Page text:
His exploits at home are even more endearing. He lives in Victoria proper with his fiancee, who is in her second year of pediatric residency at Victoria General Hospital. While she’s at work, Britton is out conquering south Island roads. And the mid-Island roads, and heck, all the roads.

In 2018 Britton helped stoke the “bike packing” trend as he rode 1,600 km from Calgary to Tofino, mostly off-road (and in a hurry), with everything he needed packed on the bike. He essentially went straight from there into the 2018 UCI World Championships in Austria where he escaped the peloton and helped break up the race for Canadian Mike Woods to capture bronze.

On June 20, Britton rode 508 km with longtime pal Taylor Little from Victoria to Port Hardy in one shot. It was a fundraising ride they called the “Up Islander,” with proceeds going to the Wirth Foundation, which supports mental health.

READ MORE: Britton returns for 2013 Robert Cameron Law Cycling Series

This holiday season he made a joke of the “Fiesta 500,” a popular annual challenge to ride 500km between Dec. 24 and Dec. 31, taking a rest day after hitting the 500 km by mid-week. (He still goes for an hour-long ride on a day off).

And then there was the scavenger hunt for free coffee and beer, which was a way to draw locals out onto trails (Britton is a major advocate for gravel and long-distance offroad riding) and motivate them despite the void of organized events.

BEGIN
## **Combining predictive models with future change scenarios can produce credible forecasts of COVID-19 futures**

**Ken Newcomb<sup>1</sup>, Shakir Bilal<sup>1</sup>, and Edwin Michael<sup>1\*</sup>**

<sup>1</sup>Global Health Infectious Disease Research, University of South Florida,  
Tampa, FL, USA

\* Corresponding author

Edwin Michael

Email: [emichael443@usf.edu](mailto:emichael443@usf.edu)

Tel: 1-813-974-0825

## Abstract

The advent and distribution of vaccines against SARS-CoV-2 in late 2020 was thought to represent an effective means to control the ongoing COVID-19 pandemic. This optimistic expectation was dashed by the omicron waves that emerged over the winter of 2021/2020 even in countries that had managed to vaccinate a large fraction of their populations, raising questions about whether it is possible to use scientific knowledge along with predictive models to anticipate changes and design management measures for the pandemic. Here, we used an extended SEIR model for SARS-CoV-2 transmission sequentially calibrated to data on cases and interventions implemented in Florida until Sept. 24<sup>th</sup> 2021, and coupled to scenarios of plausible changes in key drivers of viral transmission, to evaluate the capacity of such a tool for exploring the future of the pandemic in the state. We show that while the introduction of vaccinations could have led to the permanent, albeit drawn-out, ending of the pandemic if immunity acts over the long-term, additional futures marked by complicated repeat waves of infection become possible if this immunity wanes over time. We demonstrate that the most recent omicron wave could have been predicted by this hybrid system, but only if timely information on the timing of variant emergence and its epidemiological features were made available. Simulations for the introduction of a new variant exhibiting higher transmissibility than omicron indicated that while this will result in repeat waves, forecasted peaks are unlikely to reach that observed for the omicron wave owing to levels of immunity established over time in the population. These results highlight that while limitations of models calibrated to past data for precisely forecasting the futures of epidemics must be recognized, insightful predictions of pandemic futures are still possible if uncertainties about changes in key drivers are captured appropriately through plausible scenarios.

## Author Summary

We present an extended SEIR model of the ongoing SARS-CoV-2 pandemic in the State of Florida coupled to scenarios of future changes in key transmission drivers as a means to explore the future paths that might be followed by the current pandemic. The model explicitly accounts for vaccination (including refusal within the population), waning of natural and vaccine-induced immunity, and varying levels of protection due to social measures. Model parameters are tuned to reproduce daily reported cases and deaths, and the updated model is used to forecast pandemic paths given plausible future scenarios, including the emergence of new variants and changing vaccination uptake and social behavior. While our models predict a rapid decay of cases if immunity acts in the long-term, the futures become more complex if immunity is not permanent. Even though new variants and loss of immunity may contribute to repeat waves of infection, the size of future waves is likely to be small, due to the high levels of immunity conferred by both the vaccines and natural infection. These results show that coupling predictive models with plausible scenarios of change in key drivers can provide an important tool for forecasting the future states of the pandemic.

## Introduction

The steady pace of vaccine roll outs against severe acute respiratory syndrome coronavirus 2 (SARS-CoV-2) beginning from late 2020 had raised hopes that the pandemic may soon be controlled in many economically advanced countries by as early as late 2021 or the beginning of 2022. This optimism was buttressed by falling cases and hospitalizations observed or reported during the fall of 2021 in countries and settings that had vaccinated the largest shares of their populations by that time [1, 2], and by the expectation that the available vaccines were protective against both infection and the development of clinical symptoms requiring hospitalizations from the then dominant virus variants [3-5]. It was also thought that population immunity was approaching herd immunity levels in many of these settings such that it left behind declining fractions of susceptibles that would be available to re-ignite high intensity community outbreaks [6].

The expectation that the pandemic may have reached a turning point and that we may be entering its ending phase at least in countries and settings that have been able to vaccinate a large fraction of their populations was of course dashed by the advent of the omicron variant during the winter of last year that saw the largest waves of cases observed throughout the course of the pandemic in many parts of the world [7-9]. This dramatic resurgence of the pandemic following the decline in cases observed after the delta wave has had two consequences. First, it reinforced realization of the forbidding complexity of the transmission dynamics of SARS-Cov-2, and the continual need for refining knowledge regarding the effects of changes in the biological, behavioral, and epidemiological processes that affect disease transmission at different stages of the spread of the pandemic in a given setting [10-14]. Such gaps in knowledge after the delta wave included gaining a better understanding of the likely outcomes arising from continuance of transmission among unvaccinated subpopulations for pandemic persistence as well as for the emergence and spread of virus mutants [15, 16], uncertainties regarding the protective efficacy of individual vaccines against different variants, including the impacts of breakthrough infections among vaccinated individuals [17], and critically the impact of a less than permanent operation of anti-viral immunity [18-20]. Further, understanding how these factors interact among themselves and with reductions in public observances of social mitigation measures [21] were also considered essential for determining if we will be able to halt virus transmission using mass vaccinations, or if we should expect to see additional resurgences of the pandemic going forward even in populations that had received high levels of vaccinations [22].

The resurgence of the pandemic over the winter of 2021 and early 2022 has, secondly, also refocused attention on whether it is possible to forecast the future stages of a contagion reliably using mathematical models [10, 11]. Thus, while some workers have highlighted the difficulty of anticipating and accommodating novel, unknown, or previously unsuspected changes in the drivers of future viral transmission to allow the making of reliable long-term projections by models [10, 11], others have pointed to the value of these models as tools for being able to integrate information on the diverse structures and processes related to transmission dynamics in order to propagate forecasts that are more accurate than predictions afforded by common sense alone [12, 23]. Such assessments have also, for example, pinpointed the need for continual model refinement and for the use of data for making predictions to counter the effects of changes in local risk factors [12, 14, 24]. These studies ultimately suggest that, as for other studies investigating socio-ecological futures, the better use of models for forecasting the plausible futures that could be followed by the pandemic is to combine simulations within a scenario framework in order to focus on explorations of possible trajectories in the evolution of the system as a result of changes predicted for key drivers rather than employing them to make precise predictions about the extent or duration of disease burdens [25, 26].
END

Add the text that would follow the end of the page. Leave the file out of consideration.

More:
That includes Britton’s own event, The Last Ride, a gravel ride (“not a race”) that he has organized as a way to promote long-distance off-road rides the past few years.

Next for Britton is the Team Rally January training camp in California. Going into the 2021 race season, Britton is hoping to target another run at the Tour of Utah, though the race calendar is still up in the air during the pandemic.

“Some races are a go, others are still not certain, and many [will wait until] later in the year to give them a better chance of happening,” Britton said.

Beyond this year, Britton has considered the “afterlife” post-pro cycling, but is taking it one season at a time.

“I’m looking forward to the day of sharing gravel and backroad riding with more people, as roads aren’t getting any safer (from a safety point of view, if nothing else).”

reporter@oakbaynews.com